pomelo schema: a strategy for leadership — observations

Chip and Dan Heath use the pomelo as an example of how analogies enable us to learn, comprehend, and remember. More importantly, they help us navigate situations we have never experienced.  (Keep reading for a definition of pomelo.)

Parenting is a kind of leadership, a very important one, and there is a host of wisdom we can learn from it.

We want our kids to succeed, to soar through life.

But do we know what that really looks like? We probably don’t think of arrows or paper airplanes when we imagine parenting, but both provide an important lesson.

Let’s start by making a paper airplane. (Here is a link to directions.) When we are done building it, we are going to do a “test flight.” After if flies, we ask the following question: “How well did it fly?”

That’s probably the wrong question to ask—it’s drowning in ambiguity, in uncertainty. Did we mean…

How long did it fly?
How far did it fly?
How fast did it fly?
How high did it fly?
How straight did it fly?
Was it wobbly?
Did it do any loops or rolls on its way?
How hard did you have to throw it?
If you throw it harder, does it just fly farther and faster, or does it do something totally unexpected?
Does it do what you want it to do?
Can you make it land where you are aiming?

As you can see, asking the question, “how well did it fly?” was too broad, and we need to be more specific. But even with specifics, we face a challenge.  What if I designed my airplane for aerobatics and you designed your airplane to glide over long distances? Even with the questions we have proposed already, we are going to get different answers.

Can you see the similarities between building paper airplanes and raising kids? Some kids love to read. Others are great at sports. Doing the same thing with each kid isn’t going to get the same results.  The good news is, we can equip our sons and daughters to navigate through the uncertainty.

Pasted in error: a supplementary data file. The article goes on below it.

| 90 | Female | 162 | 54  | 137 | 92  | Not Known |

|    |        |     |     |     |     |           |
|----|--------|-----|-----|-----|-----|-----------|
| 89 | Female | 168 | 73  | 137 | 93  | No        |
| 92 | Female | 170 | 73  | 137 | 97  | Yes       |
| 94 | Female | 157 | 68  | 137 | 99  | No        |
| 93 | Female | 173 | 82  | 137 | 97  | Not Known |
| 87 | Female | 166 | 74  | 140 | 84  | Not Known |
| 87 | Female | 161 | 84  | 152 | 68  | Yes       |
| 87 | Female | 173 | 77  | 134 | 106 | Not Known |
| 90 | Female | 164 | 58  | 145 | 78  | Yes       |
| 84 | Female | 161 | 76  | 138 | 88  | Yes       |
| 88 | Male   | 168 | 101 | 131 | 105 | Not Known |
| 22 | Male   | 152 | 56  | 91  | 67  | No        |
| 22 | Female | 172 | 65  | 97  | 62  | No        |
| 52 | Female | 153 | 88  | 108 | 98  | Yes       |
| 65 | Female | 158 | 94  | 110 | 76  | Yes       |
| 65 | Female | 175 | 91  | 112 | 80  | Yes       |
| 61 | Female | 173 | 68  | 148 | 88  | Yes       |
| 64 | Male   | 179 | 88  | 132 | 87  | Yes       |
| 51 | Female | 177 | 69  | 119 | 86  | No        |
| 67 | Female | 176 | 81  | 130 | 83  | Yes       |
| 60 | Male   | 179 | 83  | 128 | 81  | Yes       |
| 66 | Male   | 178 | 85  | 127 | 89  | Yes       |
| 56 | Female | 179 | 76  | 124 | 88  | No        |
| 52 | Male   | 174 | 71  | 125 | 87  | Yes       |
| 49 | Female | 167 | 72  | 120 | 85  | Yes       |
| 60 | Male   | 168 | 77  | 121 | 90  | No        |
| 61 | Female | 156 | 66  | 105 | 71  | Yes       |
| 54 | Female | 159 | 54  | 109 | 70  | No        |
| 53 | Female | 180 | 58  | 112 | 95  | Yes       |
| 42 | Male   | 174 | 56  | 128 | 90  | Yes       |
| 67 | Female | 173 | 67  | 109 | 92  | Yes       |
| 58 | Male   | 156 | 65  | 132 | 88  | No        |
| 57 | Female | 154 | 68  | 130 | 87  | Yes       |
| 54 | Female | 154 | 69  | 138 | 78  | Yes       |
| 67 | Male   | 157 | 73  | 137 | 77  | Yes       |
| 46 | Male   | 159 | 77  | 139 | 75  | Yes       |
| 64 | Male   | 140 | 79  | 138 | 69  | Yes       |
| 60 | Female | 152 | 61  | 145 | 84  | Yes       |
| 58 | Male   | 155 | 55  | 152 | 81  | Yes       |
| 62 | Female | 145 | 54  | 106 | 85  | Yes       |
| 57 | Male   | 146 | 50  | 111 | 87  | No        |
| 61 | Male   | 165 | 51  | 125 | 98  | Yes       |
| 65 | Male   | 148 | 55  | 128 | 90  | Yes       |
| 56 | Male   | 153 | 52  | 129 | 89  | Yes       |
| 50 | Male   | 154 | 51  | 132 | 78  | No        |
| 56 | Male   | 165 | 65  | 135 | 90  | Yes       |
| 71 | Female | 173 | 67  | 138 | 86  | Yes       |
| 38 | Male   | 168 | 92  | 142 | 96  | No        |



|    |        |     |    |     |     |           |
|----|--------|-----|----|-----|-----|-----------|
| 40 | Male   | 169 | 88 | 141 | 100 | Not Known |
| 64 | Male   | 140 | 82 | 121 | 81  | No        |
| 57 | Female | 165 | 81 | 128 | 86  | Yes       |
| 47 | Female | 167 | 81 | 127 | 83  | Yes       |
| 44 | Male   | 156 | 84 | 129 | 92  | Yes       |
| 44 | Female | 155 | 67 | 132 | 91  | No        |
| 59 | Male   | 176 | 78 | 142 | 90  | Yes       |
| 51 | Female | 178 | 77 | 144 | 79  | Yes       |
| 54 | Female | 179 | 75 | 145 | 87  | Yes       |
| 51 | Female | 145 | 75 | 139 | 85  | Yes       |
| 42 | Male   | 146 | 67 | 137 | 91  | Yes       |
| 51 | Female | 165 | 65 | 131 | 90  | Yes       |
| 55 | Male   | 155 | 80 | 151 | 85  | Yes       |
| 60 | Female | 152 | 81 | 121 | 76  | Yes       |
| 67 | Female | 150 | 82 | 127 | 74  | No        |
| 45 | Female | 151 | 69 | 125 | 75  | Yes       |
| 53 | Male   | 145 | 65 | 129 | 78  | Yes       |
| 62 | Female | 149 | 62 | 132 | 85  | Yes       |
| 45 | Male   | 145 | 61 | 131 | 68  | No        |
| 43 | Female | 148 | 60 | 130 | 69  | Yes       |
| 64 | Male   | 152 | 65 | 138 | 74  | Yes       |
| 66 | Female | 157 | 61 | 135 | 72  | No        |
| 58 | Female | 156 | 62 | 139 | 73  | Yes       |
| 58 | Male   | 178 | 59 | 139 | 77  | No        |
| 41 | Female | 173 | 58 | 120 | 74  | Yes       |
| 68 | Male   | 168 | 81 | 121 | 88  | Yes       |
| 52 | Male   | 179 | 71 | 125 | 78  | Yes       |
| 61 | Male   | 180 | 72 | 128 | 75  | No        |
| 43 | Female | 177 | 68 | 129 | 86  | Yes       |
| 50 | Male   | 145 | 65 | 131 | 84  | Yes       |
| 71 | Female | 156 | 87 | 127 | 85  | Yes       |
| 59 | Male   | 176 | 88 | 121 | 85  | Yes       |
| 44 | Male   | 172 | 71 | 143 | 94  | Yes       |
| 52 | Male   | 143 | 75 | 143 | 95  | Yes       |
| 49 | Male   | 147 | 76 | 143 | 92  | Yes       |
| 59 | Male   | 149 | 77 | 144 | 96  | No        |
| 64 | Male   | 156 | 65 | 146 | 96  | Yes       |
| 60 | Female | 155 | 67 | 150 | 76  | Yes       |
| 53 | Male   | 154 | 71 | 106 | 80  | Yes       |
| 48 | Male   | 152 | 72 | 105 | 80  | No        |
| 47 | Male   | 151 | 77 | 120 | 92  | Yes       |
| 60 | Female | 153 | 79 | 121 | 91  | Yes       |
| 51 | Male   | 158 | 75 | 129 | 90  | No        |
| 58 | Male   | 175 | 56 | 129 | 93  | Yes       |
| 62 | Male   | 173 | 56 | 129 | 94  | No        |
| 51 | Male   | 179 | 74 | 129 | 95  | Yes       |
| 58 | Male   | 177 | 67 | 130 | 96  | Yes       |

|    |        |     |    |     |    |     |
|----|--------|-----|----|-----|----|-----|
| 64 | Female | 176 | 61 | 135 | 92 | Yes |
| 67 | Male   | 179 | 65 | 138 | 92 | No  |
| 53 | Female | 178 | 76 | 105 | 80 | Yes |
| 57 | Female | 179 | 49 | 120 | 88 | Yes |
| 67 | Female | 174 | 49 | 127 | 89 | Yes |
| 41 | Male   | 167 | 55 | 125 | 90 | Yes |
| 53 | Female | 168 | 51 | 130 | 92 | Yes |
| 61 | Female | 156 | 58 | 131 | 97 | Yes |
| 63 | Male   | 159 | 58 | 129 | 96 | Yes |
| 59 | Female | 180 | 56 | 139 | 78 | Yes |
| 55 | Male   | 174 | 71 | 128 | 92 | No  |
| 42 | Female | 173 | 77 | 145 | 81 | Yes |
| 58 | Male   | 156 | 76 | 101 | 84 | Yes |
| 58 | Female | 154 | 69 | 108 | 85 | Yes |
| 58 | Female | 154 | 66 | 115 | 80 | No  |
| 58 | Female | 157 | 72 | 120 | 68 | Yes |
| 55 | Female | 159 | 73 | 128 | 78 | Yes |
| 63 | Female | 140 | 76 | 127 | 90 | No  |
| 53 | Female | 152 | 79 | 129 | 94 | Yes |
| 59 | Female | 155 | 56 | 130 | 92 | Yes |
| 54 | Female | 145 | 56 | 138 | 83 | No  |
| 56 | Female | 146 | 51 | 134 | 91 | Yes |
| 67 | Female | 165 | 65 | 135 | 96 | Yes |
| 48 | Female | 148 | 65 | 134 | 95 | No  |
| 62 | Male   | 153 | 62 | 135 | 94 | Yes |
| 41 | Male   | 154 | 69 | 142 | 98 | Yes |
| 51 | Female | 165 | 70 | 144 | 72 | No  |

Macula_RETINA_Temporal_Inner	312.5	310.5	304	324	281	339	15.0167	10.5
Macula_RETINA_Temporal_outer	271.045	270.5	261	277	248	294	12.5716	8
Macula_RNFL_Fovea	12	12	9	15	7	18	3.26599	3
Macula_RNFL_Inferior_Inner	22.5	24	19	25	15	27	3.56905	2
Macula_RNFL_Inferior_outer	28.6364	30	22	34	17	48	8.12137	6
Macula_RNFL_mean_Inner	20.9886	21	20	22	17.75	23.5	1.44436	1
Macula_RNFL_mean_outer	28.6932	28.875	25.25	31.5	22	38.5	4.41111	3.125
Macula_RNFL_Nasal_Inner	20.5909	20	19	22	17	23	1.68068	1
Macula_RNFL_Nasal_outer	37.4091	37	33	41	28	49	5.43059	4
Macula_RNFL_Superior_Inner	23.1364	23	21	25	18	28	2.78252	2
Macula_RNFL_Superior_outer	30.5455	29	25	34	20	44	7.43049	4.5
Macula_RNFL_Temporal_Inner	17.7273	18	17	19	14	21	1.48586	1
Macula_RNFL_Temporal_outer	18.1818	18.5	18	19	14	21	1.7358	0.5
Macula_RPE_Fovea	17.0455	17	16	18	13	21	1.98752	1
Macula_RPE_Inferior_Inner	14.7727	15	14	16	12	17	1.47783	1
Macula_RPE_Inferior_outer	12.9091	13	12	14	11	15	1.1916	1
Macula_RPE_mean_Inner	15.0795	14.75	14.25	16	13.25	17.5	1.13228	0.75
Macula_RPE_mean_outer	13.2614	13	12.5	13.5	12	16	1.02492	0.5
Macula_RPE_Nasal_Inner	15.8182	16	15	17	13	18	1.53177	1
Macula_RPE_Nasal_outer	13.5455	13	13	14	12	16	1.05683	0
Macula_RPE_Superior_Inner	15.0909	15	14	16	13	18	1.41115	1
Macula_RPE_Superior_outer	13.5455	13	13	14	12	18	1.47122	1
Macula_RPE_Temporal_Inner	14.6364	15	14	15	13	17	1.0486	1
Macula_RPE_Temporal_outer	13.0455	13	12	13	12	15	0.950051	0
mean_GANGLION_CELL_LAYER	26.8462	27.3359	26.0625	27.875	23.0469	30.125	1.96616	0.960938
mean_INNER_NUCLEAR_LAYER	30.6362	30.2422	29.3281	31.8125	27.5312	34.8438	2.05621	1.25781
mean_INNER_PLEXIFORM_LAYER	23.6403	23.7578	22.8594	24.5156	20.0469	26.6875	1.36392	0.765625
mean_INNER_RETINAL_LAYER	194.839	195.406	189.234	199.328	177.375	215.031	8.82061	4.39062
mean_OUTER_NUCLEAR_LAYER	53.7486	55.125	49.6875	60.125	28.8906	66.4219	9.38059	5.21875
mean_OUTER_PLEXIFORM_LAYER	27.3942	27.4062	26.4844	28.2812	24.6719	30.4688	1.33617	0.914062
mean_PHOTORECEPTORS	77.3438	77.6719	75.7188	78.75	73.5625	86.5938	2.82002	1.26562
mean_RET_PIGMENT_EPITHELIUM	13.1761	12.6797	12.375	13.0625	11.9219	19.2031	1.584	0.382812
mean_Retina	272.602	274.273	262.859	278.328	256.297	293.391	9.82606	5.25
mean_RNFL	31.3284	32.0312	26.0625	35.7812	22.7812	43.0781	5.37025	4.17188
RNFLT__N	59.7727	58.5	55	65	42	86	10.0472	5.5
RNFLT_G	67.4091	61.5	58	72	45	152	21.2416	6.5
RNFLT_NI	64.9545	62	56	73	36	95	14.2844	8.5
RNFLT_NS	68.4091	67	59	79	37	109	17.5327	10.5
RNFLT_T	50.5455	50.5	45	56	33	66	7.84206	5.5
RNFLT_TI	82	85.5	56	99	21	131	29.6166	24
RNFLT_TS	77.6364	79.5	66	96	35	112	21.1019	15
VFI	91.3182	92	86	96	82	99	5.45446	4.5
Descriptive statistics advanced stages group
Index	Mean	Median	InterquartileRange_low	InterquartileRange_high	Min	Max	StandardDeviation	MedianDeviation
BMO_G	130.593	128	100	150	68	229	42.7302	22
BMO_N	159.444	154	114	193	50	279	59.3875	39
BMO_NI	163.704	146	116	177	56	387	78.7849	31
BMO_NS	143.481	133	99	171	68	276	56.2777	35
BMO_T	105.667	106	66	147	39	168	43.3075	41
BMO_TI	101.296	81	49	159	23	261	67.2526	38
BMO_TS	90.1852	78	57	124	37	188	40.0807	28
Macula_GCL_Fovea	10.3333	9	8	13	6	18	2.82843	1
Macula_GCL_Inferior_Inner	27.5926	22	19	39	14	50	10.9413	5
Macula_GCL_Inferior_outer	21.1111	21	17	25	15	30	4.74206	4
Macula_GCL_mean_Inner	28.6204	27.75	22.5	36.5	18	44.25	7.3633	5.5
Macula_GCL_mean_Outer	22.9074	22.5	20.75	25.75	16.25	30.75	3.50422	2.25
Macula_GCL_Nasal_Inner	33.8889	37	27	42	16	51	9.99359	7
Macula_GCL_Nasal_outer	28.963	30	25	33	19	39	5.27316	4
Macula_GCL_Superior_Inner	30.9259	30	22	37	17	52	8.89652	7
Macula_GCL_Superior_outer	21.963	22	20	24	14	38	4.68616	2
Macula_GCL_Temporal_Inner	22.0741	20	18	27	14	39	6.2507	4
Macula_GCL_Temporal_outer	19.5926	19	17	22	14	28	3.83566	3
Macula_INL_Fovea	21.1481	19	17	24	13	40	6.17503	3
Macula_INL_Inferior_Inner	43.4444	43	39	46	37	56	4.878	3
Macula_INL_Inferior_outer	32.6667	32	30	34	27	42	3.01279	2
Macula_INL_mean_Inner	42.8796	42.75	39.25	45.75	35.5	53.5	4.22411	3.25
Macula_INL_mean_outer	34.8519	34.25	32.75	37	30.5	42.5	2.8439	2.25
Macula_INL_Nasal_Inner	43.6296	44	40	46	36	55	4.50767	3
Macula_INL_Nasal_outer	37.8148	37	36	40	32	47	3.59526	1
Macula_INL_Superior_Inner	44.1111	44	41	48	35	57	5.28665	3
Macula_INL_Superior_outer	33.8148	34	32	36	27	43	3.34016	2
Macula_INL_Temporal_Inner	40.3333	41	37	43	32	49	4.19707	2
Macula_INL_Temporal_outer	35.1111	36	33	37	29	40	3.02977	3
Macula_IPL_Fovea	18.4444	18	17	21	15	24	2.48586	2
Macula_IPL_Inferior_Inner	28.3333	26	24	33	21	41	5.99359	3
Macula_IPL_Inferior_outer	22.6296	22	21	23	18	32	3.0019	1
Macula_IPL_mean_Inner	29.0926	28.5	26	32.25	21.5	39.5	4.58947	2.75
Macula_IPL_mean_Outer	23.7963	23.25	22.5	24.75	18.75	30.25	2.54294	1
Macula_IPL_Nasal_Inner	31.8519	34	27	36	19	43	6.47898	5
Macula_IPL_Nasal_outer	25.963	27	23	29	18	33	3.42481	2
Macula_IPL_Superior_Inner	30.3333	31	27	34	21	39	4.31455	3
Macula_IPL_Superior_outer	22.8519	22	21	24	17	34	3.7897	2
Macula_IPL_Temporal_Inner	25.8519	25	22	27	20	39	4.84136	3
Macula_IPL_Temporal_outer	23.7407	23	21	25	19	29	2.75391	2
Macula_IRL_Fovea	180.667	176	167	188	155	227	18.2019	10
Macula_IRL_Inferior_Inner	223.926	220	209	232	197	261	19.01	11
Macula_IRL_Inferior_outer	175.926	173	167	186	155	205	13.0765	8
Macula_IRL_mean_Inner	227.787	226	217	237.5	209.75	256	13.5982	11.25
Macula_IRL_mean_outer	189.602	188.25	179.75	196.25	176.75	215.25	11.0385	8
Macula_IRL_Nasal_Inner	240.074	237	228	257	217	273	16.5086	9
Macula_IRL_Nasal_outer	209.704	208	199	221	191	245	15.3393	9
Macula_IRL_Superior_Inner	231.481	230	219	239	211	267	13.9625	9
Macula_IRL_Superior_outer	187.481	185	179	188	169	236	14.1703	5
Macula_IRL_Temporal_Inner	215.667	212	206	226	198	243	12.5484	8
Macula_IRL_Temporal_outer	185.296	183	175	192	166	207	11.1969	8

A pomelo is like a large, sweet grapefruit with a much thicker rind. That mental image is worth a thousand words, and it gives us a framework from which to infer even more information about the pomelo.

Life is a journey. And these are observations from ours.

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You’ve just read observations, a column that illustrates in my personal life and leadership the technical concepts found in ATOMs.

Dad,
Someday you and I will have the chance to see our handiwork take flight. In fact, this analogy is found in the Bible. Psalms 127 tells us this, “As arrows are in the hand of the mighty man, so are the children of the youth. Happy is the man that hath his quiver full of them: they shall not be ashamed, but they shall speak with the enemies in the gate.”  Someday–and I know this for certain–you and I will stand before Christ and give an account. The Righteous Judge is going to ask us, “how well did they fly?” and He expects a detailed answer. What I do understand–as a husband, father, and experimental test pilot–is how to face uncertainty and navigate it successfully, and that’s what I explain  in the book You Can Be a Test Pilot, which I wrote for my oldest son, Blake.

Ready to help your child, help his or her dreams take flight? Here are three things you can do right now.
1. Check out the introduction to You Can Be A Test Pilot here.
2. Check out the stories of amazing test pilots who became astronauts like Charlie Duke and Rick Husband.
3. Download kneeboard notes free–a checklist for paper airplane awesomeness that introduces the wonders of flight test.

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